As the name suggests, Toe Tag Quintet consists of five novellas, published on an annual basis in the summer pages of Brisbane newspaper The Courier-Mail. The Gold Coast features both as a place to retire to and a hive of criminal activity.

A former NSW detective has taken a caravan at the Gold Coast's Main Beach while he hunts for a villa to buy and waits for his wife to offload the Sydney house. He plans on afternoon beers at the surf club and casting the odd line off his boat. Yet the habits of a lifetime prove hard to leave behind and before long he is solving crimes again.

Each of the novellas presents its own offbeat scenario. The first, Murder Most Abstract, centres on a hunt for missing paintings by reclusive artist Ian Fairweather, who spent years living in quasi-hermitude on Bribie Island. The second, The Murder Tree, is a conspiracy centred on the historical figure Captain Patrick Logan, the explorer and sadistic former commandant of the Moreton Bay penal colony.

Murder on the Vine concerns the killing of a restaurant reviewer against a backdrop of property development and vignerons. Murder She Tweeted is a romp in which relics of Mary MacKillop butt up against plans for a cross-city tunnel. The Good Murder Guide, which completes the collection, concerns itself with inter-generational networks of corrupt police and the bodies they have buried.

All five stories are witty confections, though there's a sense of things not being fully worked through, perhaps of being written on the hop in time for the summer paper. Notably in terms of crime writing, while there are plenty of bodies and biffings, there is little in the way of suspense.

However, this lightness of plot is more than adequately countered by the comic precision and verve of Condon's prose. Take this description of a villain from the old days who our protagonist runs into on the beach: "I knew it was him immediately, despite his tremendous increase in physical volume, the disappearance of anything resembling a neck, the great laval descent of flesh about his head and shoulders. He looked like someone had filled him up with air and slowly melted him."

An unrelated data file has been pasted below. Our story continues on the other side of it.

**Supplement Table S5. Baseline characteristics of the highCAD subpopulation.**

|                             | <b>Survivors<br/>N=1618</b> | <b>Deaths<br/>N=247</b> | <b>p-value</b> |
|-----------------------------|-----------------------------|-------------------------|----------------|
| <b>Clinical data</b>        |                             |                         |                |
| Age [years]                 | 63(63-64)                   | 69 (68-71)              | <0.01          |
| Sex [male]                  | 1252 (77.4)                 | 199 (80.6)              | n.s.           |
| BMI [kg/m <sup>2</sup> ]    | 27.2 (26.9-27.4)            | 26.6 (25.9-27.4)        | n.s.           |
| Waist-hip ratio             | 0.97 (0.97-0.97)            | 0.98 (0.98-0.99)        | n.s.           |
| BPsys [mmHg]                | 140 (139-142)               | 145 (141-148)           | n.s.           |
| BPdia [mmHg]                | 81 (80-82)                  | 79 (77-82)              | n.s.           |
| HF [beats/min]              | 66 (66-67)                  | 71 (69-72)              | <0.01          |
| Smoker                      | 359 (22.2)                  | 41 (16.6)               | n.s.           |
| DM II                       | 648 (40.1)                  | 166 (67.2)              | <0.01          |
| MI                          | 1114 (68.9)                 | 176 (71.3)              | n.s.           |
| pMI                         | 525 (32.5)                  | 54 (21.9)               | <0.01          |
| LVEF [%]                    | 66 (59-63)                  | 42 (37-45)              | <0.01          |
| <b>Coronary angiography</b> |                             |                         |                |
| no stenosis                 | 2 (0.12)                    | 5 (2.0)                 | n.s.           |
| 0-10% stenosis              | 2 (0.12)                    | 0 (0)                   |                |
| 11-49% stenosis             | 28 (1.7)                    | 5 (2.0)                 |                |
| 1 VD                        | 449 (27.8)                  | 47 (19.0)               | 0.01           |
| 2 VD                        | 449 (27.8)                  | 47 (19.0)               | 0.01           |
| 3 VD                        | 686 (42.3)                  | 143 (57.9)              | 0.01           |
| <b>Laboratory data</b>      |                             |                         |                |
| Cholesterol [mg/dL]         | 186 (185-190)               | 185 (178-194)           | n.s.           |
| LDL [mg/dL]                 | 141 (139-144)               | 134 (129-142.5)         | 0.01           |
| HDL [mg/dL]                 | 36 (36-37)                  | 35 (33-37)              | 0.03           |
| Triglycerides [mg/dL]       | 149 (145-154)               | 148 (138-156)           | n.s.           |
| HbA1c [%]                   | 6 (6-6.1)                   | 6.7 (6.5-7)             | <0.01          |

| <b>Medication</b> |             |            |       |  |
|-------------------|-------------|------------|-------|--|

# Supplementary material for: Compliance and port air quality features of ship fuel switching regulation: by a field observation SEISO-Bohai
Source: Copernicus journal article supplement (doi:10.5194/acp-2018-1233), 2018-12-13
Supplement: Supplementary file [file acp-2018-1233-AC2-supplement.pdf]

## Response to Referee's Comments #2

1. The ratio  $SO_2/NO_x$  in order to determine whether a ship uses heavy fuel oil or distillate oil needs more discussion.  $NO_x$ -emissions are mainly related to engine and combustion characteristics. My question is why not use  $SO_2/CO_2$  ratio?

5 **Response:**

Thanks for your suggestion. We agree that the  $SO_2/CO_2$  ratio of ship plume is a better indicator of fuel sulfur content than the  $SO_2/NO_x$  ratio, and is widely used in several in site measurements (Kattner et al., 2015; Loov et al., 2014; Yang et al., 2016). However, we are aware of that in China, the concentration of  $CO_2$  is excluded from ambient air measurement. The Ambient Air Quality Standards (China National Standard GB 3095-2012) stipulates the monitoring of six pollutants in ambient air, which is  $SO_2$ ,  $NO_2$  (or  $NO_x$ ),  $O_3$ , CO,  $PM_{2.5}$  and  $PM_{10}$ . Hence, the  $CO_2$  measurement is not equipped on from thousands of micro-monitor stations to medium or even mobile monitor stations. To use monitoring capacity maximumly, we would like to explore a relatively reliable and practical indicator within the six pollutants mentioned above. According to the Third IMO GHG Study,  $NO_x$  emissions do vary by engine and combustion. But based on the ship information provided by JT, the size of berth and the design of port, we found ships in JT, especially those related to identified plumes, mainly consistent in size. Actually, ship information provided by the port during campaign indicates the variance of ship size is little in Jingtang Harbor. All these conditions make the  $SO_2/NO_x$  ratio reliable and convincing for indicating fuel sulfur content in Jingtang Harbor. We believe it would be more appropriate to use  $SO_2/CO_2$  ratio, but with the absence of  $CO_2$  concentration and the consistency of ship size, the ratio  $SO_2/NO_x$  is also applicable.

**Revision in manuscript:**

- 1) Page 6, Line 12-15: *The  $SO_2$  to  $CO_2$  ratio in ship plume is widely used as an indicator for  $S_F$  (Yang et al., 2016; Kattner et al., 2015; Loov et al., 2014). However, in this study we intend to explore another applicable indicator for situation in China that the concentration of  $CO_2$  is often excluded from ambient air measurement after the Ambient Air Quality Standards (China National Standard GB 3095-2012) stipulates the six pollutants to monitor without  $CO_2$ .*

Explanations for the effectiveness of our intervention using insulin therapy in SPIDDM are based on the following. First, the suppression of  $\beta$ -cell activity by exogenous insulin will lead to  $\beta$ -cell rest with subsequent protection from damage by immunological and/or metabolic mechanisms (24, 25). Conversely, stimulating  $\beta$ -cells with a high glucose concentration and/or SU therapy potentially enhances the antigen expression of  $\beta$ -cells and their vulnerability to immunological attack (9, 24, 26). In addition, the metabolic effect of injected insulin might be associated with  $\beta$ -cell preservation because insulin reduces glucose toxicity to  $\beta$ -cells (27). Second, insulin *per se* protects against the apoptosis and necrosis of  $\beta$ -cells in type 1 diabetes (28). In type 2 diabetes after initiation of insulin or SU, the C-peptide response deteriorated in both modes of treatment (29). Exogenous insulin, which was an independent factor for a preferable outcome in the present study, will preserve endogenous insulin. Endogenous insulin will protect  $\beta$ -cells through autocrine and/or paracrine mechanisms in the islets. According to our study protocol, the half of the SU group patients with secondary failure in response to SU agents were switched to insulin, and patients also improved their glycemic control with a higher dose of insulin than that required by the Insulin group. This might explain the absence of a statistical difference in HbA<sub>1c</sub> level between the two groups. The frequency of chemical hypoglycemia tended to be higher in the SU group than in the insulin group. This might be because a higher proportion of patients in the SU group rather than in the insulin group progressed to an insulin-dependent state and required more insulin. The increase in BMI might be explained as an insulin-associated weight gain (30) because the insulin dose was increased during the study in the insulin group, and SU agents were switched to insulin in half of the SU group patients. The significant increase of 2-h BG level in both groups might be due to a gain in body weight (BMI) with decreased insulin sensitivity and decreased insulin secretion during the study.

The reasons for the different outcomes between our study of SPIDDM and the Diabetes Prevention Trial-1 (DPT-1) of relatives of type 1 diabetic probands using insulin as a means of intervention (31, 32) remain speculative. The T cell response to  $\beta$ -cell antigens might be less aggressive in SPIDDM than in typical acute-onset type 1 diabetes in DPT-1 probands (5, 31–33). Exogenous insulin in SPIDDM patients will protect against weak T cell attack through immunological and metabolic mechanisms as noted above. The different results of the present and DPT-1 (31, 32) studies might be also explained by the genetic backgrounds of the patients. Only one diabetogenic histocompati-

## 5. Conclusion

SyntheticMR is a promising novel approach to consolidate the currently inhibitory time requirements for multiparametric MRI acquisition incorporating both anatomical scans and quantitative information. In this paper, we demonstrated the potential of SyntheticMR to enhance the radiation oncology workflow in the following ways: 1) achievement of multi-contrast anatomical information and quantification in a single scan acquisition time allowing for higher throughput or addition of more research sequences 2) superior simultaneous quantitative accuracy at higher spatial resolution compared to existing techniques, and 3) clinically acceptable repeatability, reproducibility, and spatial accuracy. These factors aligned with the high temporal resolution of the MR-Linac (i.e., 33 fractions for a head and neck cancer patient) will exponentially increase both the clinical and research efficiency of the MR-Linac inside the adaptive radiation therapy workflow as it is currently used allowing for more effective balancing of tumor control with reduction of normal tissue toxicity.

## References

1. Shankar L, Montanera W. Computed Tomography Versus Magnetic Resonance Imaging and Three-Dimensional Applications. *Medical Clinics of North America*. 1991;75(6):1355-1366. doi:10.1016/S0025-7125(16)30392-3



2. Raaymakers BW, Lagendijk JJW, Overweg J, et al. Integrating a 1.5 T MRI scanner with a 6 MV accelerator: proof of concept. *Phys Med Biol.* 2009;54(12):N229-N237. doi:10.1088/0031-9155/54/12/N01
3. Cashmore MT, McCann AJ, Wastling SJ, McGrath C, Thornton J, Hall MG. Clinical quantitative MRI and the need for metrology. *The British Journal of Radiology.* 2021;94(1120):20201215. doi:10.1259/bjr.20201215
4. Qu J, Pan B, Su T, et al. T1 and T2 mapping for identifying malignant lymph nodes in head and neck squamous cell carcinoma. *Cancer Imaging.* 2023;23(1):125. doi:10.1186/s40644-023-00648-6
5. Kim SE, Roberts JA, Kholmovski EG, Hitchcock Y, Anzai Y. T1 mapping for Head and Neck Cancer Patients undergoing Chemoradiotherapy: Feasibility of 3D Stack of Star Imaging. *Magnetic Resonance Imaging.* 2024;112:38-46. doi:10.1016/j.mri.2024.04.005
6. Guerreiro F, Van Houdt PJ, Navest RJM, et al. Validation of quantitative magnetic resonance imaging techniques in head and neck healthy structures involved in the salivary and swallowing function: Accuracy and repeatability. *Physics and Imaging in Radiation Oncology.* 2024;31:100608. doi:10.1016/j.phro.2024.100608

It's high-quality writing channelled into an entertaining curmudgeonly protagonist set in a part of Australia that has long been ripe for the Carl Hiaasen treatment.

The idea of a chick-lit protagonist with anosmia (lack of a sense of smell) is the idea behind the titular novella of Hariklia Heristanidis's All Windows Open: And Other Stories (Clouds of Magellan, 151pp, $22), a debut collection of short fiction from the Melbourne author and blogger.

Arguably Heristanidis could have made more of her character's quirk, but what lifts the story above its otherwise conventional rom-com plot line is a deftness of touch in the prose and the likable voice of the odourless protagonist, Chrissie Triantafillou, the daughter of Greek migrants growing up in Melbourne in the 1980s.

Heristanidis creates an affectionate picture of Greek society in Melbourne, with the persistence of old superstitions and clashes of perspective between first-generation migrants and their children, but also between Australian Greeks and those who have remained in the old country.

Of the other stories in this collection, some are stronger than others. One of the better ones is Spouse Cycle, which deals with having married young in country towns and the itchiness for last-chance romances as middle age approaches. Other stories feature thwarted love, or people for whom love arrives late in life. The constructions are sometimes flimsy, but Herastanidis's vivid prose mostly pulls them through.